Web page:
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16 April 2020

Learn lessons from our sudden reality

Opinion piece written by UDIA WA CEO Tanya Steinbeck, published in The West Australian.

As we head into another week of being at home in what we now call “iso”, due to the far reaching implications of the “rona” (spending more intense time with my children, I am now up to speed on the latest COVID vernacular) — we are seeing the impact on urban design play out. Dog walkers, bike riders, driveway drinkers and virtual workplaces abound in a pandemic-driven shift to connecting and activating our local streets and neighbourhoods. Like London in the 1850s, when the cholera outbreak prompted major sewerage infrastructure upgrades and innovation, or the Plague in the 1300s that brought about immense societal change in Europe, the current pandemic is already shifting our social and economic focus from a globalist to a more localised perspective. Perhaps most significantly, we are experiencing a greater appreciation for our local businesses, our takeaway coffee, public realms, streetscapes, and the spaces we can still enjoy while maintaining a safe social distance.

As Perth’s urban growth continues over the coming years, this current experience only highlights the importance of strategic urban planning that facilitates walkable neighbourhoods that blend appropriate density with high quality, usable open spaces to exercise, enjoy and connect.

Our urban places must be in tune with our fundamental need for connection with others, with locally owned businesses and amenities within walking or cycling distance and public places where we can come together safely.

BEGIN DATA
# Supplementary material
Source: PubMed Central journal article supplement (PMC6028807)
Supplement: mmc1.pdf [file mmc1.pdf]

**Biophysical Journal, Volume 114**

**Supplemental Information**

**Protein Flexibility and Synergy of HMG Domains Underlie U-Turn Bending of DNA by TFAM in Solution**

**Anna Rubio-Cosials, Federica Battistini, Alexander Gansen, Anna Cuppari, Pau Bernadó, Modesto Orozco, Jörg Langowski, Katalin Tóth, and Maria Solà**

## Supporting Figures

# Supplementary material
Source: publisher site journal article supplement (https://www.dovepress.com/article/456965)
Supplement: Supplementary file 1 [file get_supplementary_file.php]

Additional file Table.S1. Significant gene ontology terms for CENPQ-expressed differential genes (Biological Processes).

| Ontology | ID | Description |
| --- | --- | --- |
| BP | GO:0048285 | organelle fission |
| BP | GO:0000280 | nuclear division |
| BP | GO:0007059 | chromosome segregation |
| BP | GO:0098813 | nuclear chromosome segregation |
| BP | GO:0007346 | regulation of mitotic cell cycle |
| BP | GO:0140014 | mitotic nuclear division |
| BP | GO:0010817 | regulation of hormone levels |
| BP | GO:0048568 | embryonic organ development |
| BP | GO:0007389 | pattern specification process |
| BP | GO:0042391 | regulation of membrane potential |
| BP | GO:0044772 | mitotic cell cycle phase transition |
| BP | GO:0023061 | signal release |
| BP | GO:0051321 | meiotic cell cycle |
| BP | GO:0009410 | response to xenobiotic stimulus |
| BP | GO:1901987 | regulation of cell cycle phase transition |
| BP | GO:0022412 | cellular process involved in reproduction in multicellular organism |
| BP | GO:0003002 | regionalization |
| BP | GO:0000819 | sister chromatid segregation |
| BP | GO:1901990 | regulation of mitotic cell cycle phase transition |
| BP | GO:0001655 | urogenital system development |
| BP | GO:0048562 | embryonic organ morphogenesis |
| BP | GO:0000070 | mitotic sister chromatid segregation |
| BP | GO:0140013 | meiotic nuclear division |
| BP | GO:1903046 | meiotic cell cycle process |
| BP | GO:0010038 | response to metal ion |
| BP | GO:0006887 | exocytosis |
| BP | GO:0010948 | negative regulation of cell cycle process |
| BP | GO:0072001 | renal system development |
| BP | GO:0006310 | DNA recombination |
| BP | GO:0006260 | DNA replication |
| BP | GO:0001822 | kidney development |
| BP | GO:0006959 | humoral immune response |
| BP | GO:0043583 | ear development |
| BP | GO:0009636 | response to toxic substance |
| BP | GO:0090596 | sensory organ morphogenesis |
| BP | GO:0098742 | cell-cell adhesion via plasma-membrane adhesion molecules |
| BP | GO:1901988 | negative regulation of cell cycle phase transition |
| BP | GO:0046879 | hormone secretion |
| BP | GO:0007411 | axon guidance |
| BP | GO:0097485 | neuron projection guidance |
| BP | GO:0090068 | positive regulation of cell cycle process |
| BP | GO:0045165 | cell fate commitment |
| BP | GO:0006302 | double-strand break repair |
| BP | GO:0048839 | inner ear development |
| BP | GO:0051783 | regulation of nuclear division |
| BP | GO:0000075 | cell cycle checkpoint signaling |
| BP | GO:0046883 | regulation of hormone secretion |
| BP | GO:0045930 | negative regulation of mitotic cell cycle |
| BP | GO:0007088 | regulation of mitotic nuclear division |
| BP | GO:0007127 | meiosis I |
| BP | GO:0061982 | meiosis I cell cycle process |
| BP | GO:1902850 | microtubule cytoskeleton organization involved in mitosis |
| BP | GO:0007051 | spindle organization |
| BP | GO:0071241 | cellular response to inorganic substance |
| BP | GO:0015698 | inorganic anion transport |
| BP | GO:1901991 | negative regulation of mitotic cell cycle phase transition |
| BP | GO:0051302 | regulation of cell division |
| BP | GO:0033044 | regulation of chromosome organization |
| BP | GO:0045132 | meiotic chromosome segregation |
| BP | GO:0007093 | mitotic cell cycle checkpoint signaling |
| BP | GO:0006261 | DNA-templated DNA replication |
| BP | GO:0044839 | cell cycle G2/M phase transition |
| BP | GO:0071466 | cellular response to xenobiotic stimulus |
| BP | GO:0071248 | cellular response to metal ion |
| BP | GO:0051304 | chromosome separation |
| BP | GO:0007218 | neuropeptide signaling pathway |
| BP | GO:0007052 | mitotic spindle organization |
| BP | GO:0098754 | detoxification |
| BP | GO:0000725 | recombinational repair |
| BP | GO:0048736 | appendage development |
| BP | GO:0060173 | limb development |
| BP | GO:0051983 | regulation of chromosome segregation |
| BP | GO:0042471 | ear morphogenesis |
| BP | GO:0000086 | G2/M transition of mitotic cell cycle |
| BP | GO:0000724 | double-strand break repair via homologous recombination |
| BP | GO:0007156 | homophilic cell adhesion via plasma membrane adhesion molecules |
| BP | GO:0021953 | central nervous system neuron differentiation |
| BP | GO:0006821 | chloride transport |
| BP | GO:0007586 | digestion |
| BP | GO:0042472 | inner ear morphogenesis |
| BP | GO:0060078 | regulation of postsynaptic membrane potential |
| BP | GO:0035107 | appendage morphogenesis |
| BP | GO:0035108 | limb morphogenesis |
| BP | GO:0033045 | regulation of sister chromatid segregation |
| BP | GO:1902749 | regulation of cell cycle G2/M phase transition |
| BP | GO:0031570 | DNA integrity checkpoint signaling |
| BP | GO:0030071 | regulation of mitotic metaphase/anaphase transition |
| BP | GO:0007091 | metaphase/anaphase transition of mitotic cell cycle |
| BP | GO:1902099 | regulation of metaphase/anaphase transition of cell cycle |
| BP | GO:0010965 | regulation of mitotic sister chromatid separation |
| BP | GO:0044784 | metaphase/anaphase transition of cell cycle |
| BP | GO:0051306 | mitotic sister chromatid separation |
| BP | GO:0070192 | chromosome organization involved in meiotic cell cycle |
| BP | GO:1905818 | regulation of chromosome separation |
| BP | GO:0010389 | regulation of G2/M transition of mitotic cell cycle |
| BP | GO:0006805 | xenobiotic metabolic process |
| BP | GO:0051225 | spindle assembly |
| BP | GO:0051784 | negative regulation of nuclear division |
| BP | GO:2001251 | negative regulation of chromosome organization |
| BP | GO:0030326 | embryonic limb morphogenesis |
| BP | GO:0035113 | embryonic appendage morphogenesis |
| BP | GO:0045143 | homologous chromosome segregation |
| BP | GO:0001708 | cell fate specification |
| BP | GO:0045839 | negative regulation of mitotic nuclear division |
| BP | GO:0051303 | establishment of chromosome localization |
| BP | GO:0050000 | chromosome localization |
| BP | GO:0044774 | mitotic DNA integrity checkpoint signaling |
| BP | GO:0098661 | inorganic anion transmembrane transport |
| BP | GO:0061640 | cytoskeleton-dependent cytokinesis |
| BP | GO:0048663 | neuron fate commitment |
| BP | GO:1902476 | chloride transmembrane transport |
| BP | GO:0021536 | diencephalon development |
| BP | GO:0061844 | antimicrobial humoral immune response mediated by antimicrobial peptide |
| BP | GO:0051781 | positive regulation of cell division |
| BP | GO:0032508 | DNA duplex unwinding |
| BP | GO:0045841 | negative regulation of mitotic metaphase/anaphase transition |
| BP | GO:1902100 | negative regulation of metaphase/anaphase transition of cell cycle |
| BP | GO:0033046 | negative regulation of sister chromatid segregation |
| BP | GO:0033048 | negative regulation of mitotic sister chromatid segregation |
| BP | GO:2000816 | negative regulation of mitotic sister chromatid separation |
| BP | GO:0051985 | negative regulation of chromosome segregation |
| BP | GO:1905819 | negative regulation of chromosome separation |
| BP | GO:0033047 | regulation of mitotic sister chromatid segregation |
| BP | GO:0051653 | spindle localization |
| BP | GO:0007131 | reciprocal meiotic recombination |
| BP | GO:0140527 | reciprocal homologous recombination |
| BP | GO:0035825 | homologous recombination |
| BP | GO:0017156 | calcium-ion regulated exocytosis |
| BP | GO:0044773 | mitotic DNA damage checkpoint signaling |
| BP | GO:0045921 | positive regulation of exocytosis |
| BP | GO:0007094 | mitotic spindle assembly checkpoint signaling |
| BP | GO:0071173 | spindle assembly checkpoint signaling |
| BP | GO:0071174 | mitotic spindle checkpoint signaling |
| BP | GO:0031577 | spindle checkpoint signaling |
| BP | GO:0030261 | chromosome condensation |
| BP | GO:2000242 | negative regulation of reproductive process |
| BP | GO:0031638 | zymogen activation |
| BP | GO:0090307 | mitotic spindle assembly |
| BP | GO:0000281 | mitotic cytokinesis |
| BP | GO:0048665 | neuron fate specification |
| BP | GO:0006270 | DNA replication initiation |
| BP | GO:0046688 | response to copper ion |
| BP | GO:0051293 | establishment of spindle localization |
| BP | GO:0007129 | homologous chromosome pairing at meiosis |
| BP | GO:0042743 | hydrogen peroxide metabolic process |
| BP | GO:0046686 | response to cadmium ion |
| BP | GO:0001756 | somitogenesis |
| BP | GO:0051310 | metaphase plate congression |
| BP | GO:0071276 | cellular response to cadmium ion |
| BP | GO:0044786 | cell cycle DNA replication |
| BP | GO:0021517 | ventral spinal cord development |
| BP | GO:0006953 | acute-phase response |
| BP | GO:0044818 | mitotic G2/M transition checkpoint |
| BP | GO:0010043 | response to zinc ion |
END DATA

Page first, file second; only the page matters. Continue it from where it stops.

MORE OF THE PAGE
We must also be attuned to our society becoming increasingly comfortable (tracksuit pants and business shirts are the norm on Zoom) working from home and for many, being more productive while doing so.

If the pendulum swings towards a more geographically dispersed home-based workforce, who are working together and highly efficient using our rapidly improving digital infrastructure — what does that mean for the future of our city, suburbs and how we design our homes?

Every day that we continue to operate in a COVID-19 impacted social and economic environment, our behaviour, values and expectations are shifting and evolving.

What meant an awful lot to us pre-pandemic may seem inconsequential now. And equally, what may have seemed unimportant before now all of a sudden means much more — and I dare say the impact on us as individuals and as families of the design of our local neighbourhoods now falls in that category.

This provides planners and developers an opportunity to engage with our community on what the future looks like — perhaps with a silent majority now seeing the value in being more vocal.